I’ll be conducting a Tu B’Shevat seder this Sunday night for the TBE Discussion Group, but you can do one on your own. The hagaddah I’ll be using is brand new, created by Hazon.
Click here to read about Tu Bishvat. You can download the Hazon Tu Bishvat Seder manual. The manual provides instructions, guidelines and tips on running your own seder. You can download a draft copy of Hazon's Tu Bishvat Seder Haggadah. The document has been formatted to print to a double sided folded booklet.
Click here to see what schools are doing to increase understanding of how food, the land and spirituality are connected, and here to see a special project that many synagogues are engaged in, called “Tuv Ha’aretz.”
JTA is proud to present Eco Jews: Trends and Traditions in Jewish Environmentalism, a special section at JTA.org.
The arrival of Tu B'Shevat, Judaism's annual ode to the trees, is the perfect time to examine the most significant players and trends in Jewish environmentalism -- and offer some hands-on advice for marking the holiday and greening your communities.
Also part of this special section, JTA is excited to announce the winners of the First Annual Green Beanie Awards, in recognition of groundbreaking environmental initiatives launched by organizations and institutions from all walks of Jewish communal life. Expecting only a small response to our call for entries, we received over 100 initiatives from around the world, featuring people of all ages and from all walks of life. We saw submissions from day schools and Jewish Community Centers, senior homes and High Schools, food co-ops and bloggers.Judges from Hazon, COEJL, and the Isabella Freedman Jewish Retreat Center had difficulty settling on the top ten. The final selection included Jewish organizational giants like American Jewish Committee and UJA-Federation of New York, but also smaller groups like the Federation of Jewish Mens Clubs; Kibbutz Lotan in Israel; and Jewish Heart of Africa, which brings Israeli green technology to the continent in an effort to spur eco-friendly development.
There's so much out there about this holiday that it's hard to separate the forest from the trees, so to speak.
A nice collection of freeware on the holiday, called "Tree Bien," was put together by Rabbi Barry Dov Lerner for the USCJ - it's at http://www.uscj.org/images/tree_bien_tu_bshevat_programming.pdf
Which brings us to the whole area of eco-Judaism, often emphasized on Tu B'Shevat and a growing concern for many.
To find out more, take a trip to the Teva Learning Center. "Teva" means nature, and this camping program has become a sort of Jewish "Outward Bound" for many students. Teva is at http://www.tevacenter.org/ and is coordinated by an organization called Shomrei Adama (Keepers of the Land).
Last but not least, there is the Coalition on the Environment and Jewish Life (COEJL), found at http://www.coejl.org/. Here's there mission statement: "The Coalition on the Environment and Jewish Life engages Jewish institutions and individuals in bringing the moral passion of Jewish tradition and social action to environmental stewardship in order to preserve the integrity of creation, advance social justice, protect future generations, and strengthen the Jewish community." This site has numerous educational links and action alerts. This comes at a time when I fear that action alerts will increase dramatically.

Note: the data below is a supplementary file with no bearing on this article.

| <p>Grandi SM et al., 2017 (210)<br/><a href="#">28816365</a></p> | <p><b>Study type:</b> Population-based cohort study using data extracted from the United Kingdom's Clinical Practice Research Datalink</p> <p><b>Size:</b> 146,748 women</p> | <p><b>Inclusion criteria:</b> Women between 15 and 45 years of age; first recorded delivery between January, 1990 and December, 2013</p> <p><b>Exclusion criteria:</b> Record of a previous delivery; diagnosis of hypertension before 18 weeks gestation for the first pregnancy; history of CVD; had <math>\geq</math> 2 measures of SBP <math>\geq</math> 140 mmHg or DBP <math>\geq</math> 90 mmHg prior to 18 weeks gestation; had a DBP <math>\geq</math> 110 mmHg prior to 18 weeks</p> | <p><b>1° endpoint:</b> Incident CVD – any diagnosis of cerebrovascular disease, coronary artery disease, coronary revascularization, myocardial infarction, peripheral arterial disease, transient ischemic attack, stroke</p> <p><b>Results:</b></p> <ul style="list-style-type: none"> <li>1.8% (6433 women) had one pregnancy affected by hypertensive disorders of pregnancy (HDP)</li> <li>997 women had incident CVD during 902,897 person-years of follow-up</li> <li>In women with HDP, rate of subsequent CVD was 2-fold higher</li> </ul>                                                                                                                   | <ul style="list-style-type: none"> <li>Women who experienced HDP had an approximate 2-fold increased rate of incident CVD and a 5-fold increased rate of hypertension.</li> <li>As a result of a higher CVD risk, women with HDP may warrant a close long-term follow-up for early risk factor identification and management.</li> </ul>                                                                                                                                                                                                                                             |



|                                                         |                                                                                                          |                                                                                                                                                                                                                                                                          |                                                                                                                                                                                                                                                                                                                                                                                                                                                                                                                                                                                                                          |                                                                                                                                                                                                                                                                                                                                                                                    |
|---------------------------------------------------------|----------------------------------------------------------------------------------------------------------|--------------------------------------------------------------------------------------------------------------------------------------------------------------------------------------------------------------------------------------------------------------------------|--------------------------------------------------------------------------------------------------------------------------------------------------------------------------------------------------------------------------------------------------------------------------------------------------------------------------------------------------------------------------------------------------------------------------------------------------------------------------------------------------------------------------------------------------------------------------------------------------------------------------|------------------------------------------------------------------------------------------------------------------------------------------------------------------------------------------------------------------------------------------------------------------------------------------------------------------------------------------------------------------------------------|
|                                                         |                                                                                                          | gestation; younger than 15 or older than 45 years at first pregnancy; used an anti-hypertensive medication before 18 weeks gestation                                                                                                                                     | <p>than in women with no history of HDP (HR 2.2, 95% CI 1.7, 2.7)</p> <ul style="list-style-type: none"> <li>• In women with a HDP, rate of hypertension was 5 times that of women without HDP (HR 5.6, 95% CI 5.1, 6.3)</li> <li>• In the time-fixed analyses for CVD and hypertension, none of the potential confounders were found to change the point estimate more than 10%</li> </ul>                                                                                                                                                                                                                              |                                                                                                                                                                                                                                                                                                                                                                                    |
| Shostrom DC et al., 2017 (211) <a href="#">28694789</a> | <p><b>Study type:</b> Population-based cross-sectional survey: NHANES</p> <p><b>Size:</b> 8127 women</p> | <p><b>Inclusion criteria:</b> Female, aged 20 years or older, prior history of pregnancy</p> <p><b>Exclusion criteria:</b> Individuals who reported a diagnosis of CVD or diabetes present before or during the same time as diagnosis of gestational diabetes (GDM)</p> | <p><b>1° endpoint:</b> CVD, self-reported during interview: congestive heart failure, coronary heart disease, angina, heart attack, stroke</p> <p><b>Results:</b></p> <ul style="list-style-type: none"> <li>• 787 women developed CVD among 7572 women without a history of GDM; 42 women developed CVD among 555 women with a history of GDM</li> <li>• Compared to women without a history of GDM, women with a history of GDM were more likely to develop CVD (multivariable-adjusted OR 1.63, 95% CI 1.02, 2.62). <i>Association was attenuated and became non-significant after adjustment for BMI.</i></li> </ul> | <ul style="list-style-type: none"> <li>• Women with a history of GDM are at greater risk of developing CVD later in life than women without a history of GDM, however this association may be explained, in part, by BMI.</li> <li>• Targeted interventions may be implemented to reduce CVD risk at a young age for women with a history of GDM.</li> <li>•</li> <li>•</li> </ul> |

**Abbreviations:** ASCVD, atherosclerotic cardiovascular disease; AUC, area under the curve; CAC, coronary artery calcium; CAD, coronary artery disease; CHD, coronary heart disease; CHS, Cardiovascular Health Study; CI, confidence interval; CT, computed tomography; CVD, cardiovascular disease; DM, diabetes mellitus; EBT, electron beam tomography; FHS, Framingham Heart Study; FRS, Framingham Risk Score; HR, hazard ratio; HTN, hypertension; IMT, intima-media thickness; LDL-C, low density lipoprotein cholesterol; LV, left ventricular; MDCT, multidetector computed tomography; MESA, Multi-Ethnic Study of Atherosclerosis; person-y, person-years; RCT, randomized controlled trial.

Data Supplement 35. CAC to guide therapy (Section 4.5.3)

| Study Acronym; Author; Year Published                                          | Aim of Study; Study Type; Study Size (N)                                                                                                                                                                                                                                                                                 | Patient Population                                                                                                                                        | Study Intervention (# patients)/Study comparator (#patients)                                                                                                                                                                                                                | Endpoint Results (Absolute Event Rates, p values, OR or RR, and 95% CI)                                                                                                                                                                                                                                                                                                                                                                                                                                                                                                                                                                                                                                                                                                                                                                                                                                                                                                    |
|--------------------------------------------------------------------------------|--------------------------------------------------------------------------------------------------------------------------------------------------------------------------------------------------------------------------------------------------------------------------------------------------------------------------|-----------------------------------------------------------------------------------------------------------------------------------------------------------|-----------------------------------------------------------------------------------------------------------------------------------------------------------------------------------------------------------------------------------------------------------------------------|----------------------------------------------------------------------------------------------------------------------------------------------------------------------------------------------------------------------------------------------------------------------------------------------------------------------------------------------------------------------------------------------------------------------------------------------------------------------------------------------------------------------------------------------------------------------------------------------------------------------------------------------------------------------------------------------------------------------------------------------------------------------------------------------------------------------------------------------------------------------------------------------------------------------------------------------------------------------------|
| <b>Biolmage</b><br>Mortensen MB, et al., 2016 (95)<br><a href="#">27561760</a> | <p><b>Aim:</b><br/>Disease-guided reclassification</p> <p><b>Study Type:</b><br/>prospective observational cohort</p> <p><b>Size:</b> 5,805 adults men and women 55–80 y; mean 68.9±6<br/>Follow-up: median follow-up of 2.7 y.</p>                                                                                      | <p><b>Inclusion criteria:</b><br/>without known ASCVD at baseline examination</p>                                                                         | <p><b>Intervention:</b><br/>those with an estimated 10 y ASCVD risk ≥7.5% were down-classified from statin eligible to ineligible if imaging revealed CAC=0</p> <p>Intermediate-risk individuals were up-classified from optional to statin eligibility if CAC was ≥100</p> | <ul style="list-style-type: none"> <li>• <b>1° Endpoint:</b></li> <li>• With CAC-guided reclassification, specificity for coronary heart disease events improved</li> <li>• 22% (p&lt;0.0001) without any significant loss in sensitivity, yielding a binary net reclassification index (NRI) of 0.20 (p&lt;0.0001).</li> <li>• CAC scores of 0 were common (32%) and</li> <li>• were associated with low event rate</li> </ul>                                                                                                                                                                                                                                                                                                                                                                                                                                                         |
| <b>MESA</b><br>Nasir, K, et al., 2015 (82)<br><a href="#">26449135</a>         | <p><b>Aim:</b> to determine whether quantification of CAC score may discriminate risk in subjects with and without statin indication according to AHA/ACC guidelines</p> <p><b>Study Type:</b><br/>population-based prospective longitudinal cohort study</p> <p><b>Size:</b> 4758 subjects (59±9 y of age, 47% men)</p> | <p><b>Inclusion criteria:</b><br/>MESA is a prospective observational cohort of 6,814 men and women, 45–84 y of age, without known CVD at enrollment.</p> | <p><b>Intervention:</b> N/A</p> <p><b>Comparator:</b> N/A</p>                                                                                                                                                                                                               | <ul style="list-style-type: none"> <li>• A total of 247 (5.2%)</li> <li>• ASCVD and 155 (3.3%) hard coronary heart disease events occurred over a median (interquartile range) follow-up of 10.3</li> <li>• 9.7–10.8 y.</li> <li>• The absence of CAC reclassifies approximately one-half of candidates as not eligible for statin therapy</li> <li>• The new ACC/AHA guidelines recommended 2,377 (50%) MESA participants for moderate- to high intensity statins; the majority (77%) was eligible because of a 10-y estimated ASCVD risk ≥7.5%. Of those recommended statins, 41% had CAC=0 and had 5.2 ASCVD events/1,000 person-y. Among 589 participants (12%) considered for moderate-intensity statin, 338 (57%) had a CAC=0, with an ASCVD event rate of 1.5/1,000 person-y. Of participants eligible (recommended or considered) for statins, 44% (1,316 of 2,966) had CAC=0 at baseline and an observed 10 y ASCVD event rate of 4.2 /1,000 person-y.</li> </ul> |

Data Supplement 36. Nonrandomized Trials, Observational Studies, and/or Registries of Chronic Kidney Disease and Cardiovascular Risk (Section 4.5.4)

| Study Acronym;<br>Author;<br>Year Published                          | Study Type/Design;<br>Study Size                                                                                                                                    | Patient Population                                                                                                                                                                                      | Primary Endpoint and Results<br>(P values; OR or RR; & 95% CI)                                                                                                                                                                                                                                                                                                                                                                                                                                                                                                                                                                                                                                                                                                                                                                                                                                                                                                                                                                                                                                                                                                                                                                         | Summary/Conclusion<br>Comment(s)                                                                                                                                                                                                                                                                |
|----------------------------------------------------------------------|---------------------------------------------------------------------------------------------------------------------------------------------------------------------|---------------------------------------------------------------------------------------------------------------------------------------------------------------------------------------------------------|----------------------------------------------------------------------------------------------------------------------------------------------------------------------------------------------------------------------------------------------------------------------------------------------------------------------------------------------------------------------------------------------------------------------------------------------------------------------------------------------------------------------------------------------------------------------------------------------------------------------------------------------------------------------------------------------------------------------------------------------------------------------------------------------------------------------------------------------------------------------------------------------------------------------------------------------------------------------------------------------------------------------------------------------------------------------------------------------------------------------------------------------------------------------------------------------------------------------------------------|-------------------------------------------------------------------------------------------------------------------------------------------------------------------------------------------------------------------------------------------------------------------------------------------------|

Tu B'Shevat is a fine time to reconnect with that Land of Israel. Our ancestors in Europe looked forward to that taste of dates, figs and other fruits from the holy land, including (ugh) carob (aka Bokser). As we read in a nice Tu B’shevat Haggadah at http://mcohen02.tripod.com/tbsmbc.html, "After the exile of the Jews from Israel, Tu B'Shevat became a day on which to commemorate our connection to Eretz Israel. During much of Jewish history, the only observance of this day was the practice of eating fruit associated with the land of Israel. A tradition based on Deuteronomy 8:8 holds that there are five fruits and two grains associated with it as a "land of wheat and barley, of vines, figs and pomegranates, a land of olive trees and [date] honey." Almonds were also given a prominent place in Tu B'Shevat meals since the almond trees were believed to be the first of all trees in Israel to blossom. Carob or St John's bread - was the most popular fruit to use, since it could survive the long trip from Israel to Jewish communities in Europe and North Africa." I've been checking out "carob" web sites -- this far nothing to recommend.
We can experience the Israeli natural landscape more directly at http://www.neot-kedumim.org.il/.
Ohr Samayach has a nice catalog of articles on the love of the land of Israel, at http://www.ohr.org.il/tw/weinbach/loveland/index.htm. And you can discover just why I treasure my subscription to Eretz Magazine, Israel's National Geographic, by exploring the links to articles and photos based at http://www.eretz.com/NEW/index.shtml.
You can also check http://www.canfeinesharim.org/.
And the best way to show that love, naturally, to be there. Second best? Plant a tree: Go to the JNF web site at http://www.jnf.org/. No, you won't be able to find a photo of "your" tree there. But you will be able to become a modern day Honi Ha Ma'agel (Honi the Circle Drawer). Find out about him at http://www.ualberta.ca/~yreshef/tuintro.htm, and bring the kids along for this part of the journey (nice music too at this site). "Just as those who came before us plant for us," Honi said back in the days of the Talmud (http://www.ualberta.ca/~yreshef/agada1.htm), "so do we plant for our children."